40. Leppink, J., Paas, F., Van Der Vleuten, C. P., Van Gog, T., & Van Merrienboer, J. J. (2014). Effects of pairs of problems and examples on task performance and different types of cognitive load. Learning and Instruction, 30, 32–42.CrossRefGoogle Scholar
  41. Liszkowski, U., Brown, P., Callaghan, T., Takada, A., & de Vos, C. (2012). A prelinguistic gestural universal of human communication. Cognitive Science, 36, 698–713.CrossRefGoogle Scholar
  42. Liszkowski, U., Carpenter, M., Henning, A., Striano, T., & Tomasello, M. (2004). Twelve-month-olds point to share attention and interest. Developmental Science, 7, 297–307.CrossRefGoogle Scholar
  43. Macken, L., & Ginns, P. (2014). Pointing and tracing gestures may enhance anatomy and physiology learning. Medical Teacher, 36, 569–601.CrossRefGoogle Scholar
  44. Marshall, S. P. (1995). Schemas in problem solving. Cambridge: Cambridge University Press.CrossRefGoogle Scholar
  45. Mayer, R. E., & DaPra, C. S. (2012). An embodiment effect in computer-based learning with animated pedagogical agents. Journal of Experimental Psychology: Applied, 18, 239–252.Google Scholar
  46. Miller, G. A. (1956). The magical number seven, plus or minus two: some limits on our capacity for processing information. Psychological Review, 63, 81–97.CrossRefGoogle Scholar
  47. Montessori, M. (1912/1964). The Montessori Method. Cambridge, MA: Robert Bentley, Inc.Google Scholar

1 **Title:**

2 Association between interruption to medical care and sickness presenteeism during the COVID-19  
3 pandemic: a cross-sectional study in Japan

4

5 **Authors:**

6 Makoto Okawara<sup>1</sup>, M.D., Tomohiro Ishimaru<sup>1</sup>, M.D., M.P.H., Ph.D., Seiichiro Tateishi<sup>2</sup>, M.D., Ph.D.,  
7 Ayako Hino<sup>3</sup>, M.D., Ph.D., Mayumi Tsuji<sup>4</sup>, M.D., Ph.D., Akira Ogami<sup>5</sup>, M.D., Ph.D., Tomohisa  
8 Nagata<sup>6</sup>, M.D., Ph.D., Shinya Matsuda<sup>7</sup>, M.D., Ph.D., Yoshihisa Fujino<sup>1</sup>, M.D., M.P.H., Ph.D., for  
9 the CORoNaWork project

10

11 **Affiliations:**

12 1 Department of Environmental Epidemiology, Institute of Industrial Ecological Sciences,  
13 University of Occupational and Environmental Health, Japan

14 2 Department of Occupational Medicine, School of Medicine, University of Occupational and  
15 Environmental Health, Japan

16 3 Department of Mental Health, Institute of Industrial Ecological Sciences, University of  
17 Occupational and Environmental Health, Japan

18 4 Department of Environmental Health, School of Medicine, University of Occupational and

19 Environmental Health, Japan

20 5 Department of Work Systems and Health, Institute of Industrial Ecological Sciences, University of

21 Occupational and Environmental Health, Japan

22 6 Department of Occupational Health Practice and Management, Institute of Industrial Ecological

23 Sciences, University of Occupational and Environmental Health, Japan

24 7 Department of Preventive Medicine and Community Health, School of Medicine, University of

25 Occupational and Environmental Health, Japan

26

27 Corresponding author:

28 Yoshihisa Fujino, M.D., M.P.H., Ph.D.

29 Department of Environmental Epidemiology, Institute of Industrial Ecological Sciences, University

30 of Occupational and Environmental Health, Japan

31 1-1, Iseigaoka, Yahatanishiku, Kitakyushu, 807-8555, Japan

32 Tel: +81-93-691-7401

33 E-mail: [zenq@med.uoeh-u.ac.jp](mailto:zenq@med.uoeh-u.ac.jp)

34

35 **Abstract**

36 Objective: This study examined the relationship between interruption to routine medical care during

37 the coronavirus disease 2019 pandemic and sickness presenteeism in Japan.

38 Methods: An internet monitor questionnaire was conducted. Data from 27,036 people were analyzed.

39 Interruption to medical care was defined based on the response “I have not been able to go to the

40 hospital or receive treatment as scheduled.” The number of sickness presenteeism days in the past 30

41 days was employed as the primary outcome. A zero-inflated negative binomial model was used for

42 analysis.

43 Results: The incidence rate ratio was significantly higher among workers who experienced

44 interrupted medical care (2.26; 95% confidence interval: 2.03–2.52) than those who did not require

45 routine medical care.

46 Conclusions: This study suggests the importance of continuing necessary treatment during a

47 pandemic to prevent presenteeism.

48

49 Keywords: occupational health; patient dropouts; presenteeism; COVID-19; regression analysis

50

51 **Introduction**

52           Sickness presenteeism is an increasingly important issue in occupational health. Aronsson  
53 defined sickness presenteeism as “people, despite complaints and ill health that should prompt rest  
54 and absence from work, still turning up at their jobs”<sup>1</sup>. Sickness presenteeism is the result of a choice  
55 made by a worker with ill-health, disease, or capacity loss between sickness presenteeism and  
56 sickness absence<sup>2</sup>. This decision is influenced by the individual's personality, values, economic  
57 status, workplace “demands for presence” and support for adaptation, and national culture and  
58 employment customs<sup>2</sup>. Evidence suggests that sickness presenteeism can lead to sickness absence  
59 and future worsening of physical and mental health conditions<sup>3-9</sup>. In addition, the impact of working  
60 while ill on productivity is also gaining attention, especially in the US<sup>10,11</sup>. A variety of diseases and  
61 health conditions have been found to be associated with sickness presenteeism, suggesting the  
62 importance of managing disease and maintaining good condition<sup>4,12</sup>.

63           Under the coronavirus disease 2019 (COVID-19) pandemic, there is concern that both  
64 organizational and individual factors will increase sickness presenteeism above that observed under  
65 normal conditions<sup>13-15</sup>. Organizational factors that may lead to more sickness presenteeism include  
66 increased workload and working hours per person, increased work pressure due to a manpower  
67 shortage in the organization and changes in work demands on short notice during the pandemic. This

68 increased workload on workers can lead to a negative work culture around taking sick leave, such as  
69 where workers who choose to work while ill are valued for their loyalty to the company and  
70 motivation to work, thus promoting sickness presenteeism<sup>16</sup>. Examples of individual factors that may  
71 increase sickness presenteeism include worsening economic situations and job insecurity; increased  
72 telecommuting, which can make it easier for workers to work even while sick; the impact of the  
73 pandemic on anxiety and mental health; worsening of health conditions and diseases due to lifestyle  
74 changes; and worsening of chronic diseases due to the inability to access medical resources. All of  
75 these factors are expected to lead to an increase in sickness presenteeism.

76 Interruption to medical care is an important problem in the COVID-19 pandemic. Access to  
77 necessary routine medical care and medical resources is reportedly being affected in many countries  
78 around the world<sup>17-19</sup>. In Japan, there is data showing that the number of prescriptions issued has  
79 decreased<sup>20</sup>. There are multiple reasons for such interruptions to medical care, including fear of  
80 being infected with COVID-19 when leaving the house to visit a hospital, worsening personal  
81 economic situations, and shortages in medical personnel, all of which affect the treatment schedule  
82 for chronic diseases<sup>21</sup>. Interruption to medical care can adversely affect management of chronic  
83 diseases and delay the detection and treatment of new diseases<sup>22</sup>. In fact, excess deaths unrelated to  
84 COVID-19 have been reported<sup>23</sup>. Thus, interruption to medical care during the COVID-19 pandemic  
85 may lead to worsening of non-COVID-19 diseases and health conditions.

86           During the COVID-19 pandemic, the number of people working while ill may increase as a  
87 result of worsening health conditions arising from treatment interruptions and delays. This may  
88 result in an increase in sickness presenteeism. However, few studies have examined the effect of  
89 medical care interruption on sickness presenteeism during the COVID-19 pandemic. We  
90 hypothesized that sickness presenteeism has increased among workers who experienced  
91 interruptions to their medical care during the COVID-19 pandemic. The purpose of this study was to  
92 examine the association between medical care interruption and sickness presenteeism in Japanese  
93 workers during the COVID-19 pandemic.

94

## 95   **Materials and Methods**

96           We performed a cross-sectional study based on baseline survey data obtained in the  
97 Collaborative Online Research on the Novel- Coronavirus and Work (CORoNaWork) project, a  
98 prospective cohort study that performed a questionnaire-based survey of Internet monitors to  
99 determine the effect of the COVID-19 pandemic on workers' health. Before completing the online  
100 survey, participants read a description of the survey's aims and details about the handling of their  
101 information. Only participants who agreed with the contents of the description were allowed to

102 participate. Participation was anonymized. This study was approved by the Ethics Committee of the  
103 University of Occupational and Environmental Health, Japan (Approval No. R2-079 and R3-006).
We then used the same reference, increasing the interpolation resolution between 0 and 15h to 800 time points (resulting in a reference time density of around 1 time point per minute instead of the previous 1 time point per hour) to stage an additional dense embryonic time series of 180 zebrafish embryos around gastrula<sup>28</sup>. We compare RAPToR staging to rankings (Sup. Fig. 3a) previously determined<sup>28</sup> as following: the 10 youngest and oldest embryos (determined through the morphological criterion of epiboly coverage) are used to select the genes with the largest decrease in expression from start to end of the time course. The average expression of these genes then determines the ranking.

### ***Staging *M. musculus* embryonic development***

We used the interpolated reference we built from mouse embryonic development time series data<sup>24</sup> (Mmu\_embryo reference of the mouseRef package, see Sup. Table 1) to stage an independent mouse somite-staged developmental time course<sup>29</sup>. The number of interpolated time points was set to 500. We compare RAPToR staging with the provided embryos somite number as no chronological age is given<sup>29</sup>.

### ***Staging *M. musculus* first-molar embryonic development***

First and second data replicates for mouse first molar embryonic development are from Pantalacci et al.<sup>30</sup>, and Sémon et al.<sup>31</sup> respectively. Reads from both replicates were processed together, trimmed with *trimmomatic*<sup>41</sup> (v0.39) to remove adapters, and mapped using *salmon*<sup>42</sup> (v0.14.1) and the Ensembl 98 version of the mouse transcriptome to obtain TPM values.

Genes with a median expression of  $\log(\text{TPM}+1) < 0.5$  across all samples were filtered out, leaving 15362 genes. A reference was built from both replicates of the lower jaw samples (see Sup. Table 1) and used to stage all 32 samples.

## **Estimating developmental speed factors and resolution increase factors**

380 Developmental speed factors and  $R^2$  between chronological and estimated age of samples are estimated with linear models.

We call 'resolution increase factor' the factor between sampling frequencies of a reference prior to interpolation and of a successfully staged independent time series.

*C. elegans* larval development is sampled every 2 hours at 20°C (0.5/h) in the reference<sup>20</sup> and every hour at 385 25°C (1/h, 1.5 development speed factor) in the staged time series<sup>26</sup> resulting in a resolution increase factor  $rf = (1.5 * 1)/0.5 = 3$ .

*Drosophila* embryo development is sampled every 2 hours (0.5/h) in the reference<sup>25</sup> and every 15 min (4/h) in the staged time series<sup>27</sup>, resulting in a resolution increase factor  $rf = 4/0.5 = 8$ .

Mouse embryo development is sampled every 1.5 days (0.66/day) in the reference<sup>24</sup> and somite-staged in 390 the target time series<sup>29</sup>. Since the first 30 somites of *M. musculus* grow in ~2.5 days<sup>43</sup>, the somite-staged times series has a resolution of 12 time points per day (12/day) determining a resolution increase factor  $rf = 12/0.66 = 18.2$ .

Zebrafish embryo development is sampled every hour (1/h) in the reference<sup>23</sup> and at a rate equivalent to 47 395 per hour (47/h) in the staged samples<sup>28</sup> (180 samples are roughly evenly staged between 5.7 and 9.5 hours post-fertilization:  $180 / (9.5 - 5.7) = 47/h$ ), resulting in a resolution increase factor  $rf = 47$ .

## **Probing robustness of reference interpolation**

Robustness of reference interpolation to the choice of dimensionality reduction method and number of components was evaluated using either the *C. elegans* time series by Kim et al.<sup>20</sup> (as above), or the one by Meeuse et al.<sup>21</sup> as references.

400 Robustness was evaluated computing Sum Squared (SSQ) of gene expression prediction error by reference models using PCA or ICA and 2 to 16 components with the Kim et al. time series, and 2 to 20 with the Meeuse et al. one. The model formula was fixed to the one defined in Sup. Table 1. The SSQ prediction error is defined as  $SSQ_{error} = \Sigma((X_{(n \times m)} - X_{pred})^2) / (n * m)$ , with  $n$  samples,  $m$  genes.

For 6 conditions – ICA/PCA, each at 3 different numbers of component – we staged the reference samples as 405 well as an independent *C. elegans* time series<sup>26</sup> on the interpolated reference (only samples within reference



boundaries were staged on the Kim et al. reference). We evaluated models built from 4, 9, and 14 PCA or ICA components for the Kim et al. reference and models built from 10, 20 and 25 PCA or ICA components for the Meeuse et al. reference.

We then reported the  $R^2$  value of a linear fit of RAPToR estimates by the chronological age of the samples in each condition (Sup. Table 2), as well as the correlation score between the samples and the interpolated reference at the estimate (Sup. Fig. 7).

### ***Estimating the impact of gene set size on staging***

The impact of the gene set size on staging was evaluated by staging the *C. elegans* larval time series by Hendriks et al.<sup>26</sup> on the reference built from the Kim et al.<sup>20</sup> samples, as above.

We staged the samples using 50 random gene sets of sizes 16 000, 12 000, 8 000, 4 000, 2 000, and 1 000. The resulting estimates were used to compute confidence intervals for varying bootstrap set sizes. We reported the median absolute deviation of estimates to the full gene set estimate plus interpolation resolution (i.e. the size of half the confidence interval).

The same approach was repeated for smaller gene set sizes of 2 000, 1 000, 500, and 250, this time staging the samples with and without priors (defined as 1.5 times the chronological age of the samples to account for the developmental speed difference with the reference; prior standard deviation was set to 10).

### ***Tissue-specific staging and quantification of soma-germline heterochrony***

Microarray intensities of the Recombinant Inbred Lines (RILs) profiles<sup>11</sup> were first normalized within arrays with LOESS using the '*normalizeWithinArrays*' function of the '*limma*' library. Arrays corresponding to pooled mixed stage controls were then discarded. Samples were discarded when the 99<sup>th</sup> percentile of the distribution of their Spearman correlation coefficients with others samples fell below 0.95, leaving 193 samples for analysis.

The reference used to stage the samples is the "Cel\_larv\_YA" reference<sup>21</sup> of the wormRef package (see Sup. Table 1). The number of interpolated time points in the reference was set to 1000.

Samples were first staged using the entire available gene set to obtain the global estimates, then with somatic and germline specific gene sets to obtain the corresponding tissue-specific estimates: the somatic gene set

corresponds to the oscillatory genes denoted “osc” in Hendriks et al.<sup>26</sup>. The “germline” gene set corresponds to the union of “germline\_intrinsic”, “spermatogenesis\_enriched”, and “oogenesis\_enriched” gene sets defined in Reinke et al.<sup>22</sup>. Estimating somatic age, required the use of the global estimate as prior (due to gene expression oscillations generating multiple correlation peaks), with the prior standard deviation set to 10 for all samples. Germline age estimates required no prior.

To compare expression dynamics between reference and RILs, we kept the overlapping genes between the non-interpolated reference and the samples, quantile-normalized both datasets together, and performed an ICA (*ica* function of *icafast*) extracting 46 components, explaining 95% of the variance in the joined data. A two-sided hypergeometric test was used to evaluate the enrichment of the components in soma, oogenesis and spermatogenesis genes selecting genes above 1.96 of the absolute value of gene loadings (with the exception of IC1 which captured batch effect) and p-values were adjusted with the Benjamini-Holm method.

48. Moreno, R., Reislein, M., & Ozogul, G. (2010). Using virtual peers to guide visual attention during learning. Journal of Media Psychology, 22, 52–60.CrossRefGoogle Scholar
  49. Paas, F. (1992). Training strategies for attaining transfer of problem-solving skill in statistics: a cognitive-load approach. Journal of Educational Psychology, 84, 429.CrossRefGoogle Scholar
  50. Paas, F., & Sweller, J. (2012). An evolutionary upgrade of cognitive load theory: using the human motor system and collaboration to support the learning of complex cognitive tasks. Educational Psychology Review, 24, 27–45.CrossRefGoogle Scholar
  51. Peterson, L., & Peterson, M. J. (1959). Short-term retention of individual verbal items. Journal of Experimental Psychology, 58, 193–198.CrossRefGoogle Scholar
  52. Piasta, S. B., Justice, L. M., McGinty, A. S., & Kaderavek, J. N. (2012). Increasing young children’s contact with print during shared reading: longitudinal effects on literacy achievement. Child Development, 83, 810–820.CrossRefGoogle Scholar
  53. Ping, R., & Goldin-Meadow, S. (2010). Gesturing saves cognitive resources when talking about nonpresent objects. Cognitive Science, 34, 602–619.CrossRefGoogle Scholar
  54. Rizzolatti, G., & Craighero, L. (2004). The mirror-neuron system. Annual Review of Neuroscience, 27, 169–192.CrossRefGoogle Scholar
  55. Sheu, F.-R., & Chen, N.-S. (2014). Taking a signal: a review of gesture-based computing research in education. Computers in Education, 78, 268–277.CrossRefGoogle Scholar